Further thoughts on Return of the Jedi

In the past, I’ve discussed Return of the Jedi and compared its plot to the plot of The Empire Strikes Back.  I thought I was done with it, but it turns out the movie has more to offer than I have previously noticed, probably because I in the past I have spent too much of the running time looking at the seams on the backs of the Ewok costumes.

The other day, my son Sam (6) requested to watch it again and kept marveling at how swiftly it moved. No sooner had the good guys escaped from Tatooine than Sam exclaimed “Wow! The movie’s already at the ending!” What he was picking up on was the trifurcated nature of ROTJ‘s plot: it’s a 40-minute movie about the rescue of Han Solo, then its a 40-minute movie about the good guys’ adventures with the Ewoks, then it’s a 40-minute movie about the two-pronged attack on the forces of the Empire. Each one of these featurettes is tight, entertaining and beautiful to behold and no, I’d have to say that, taken as a whole, ROTJ is not a chore to sit through.

As I’ve mentioned before, there are a couple of large plot problems. The first is that Luke has only one goal: to become a Jedi by confronting Vader. It takes him 80 minutes to get around to addressing this goal. Yoda tells him, to his face, “You must confront Vader,” to which the logical response should be “All right, which way is he?” But instead Luke comes bounding into the Death Star Destruction Briefing Room and says “Hey, who’s going down to the Ewok planet? Can I come too?” The other major plot problem is that the Emperor keeps claiming that his plan is going exactly as he imagined, when he obviously is making all this up as he goes along.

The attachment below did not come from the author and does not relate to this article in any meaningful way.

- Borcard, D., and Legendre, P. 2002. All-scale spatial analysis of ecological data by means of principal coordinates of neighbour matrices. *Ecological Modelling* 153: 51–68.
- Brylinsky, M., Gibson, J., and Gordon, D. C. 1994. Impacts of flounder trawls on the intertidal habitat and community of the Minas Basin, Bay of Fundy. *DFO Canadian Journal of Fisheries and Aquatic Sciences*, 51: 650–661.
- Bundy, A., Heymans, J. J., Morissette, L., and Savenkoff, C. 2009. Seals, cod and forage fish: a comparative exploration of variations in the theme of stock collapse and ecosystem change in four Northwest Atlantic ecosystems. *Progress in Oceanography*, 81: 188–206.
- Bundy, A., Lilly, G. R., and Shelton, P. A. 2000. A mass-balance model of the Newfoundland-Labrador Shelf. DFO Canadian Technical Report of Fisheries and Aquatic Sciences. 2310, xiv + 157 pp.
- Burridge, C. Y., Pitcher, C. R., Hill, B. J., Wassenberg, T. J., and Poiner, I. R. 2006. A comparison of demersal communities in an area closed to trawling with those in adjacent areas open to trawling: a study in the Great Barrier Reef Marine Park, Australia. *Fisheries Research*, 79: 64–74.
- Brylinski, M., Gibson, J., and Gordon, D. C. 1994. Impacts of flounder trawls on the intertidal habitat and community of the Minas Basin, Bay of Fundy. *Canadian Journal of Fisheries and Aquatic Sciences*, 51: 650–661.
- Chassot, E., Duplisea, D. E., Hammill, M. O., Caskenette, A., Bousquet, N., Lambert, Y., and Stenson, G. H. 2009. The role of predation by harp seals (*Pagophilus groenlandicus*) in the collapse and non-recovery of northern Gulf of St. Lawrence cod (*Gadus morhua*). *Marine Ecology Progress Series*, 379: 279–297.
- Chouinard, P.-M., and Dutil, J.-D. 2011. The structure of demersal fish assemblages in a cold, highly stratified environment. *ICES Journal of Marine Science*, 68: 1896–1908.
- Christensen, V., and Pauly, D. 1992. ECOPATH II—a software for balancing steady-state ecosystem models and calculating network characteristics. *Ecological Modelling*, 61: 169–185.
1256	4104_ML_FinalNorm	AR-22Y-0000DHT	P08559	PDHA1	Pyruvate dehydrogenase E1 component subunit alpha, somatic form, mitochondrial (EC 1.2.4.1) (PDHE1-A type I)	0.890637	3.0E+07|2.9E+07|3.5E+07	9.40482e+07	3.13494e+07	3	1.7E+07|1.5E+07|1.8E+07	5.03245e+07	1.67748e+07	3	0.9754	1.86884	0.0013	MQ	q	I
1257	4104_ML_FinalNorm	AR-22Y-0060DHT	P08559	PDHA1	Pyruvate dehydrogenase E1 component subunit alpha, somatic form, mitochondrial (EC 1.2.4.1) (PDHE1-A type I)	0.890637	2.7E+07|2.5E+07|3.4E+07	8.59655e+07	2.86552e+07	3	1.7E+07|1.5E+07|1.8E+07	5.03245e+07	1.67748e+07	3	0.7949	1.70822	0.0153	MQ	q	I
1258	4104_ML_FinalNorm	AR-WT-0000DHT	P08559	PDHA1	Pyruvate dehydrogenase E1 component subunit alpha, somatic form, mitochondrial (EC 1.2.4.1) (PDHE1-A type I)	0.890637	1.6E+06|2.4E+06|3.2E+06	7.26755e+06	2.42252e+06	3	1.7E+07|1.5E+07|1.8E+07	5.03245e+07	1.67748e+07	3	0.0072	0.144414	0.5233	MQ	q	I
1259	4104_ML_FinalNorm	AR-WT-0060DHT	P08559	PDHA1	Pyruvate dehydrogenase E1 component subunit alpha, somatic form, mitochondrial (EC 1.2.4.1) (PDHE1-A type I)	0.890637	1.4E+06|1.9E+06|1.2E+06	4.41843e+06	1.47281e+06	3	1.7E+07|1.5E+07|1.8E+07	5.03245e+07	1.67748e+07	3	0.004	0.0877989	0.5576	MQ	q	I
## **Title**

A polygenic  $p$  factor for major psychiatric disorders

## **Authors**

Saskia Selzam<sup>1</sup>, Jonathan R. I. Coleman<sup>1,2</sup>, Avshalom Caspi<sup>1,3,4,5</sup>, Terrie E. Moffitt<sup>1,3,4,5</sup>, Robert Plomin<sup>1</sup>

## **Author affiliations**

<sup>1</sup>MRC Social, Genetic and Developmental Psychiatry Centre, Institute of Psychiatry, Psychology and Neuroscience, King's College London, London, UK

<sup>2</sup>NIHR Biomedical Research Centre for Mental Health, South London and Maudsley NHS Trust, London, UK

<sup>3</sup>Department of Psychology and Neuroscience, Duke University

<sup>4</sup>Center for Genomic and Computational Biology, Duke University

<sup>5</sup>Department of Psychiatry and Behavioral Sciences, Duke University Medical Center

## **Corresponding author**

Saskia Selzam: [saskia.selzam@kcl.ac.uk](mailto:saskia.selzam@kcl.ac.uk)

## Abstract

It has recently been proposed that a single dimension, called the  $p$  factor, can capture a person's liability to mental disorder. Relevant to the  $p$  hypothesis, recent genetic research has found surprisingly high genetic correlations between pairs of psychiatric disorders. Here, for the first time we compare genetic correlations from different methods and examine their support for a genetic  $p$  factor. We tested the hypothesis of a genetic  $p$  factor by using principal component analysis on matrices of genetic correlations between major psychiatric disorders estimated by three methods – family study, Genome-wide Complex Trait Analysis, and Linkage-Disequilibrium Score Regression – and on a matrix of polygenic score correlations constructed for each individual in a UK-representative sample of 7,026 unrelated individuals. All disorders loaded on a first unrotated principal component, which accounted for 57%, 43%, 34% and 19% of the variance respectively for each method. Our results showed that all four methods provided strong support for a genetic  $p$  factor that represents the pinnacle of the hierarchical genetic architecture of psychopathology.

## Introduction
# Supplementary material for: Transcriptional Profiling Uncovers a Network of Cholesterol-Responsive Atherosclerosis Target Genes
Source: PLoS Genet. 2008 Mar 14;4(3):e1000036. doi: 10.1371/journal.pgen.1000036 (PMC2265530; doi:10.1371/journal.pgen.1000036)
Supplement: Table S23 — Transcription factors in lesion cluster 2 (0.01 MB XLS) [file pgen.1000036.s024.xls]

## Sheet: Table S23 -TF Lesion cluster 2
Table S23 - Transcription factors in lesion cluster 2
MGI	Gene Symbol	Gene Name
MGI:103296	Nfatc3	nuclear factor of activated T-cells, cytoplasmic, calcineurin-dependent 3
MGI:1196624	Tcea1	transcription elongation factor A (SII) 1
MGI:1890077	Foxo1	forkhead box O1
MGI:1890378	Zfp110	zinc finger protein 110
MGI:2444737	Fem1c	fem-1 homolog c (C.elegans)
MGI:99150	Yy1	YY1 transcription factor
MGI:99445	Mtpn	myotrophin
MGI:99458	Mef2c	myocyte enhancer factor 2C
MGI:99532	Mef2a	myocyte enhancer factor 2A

Sample conversation:

EMPEROR: The rebels have landed on the moon of Endor, exactly as I have planned.
VADER: Yes, your majesty. My son is with them.
EMPEROR: He is? How do you know?
VADER: I have felt his presence.
EMPEROR: Really? I haven’t.
VADER: If you want, I’ll go fetch him and bring him here.
EMPEROR: Yes, that’s a good idea. Exactly as I have planned.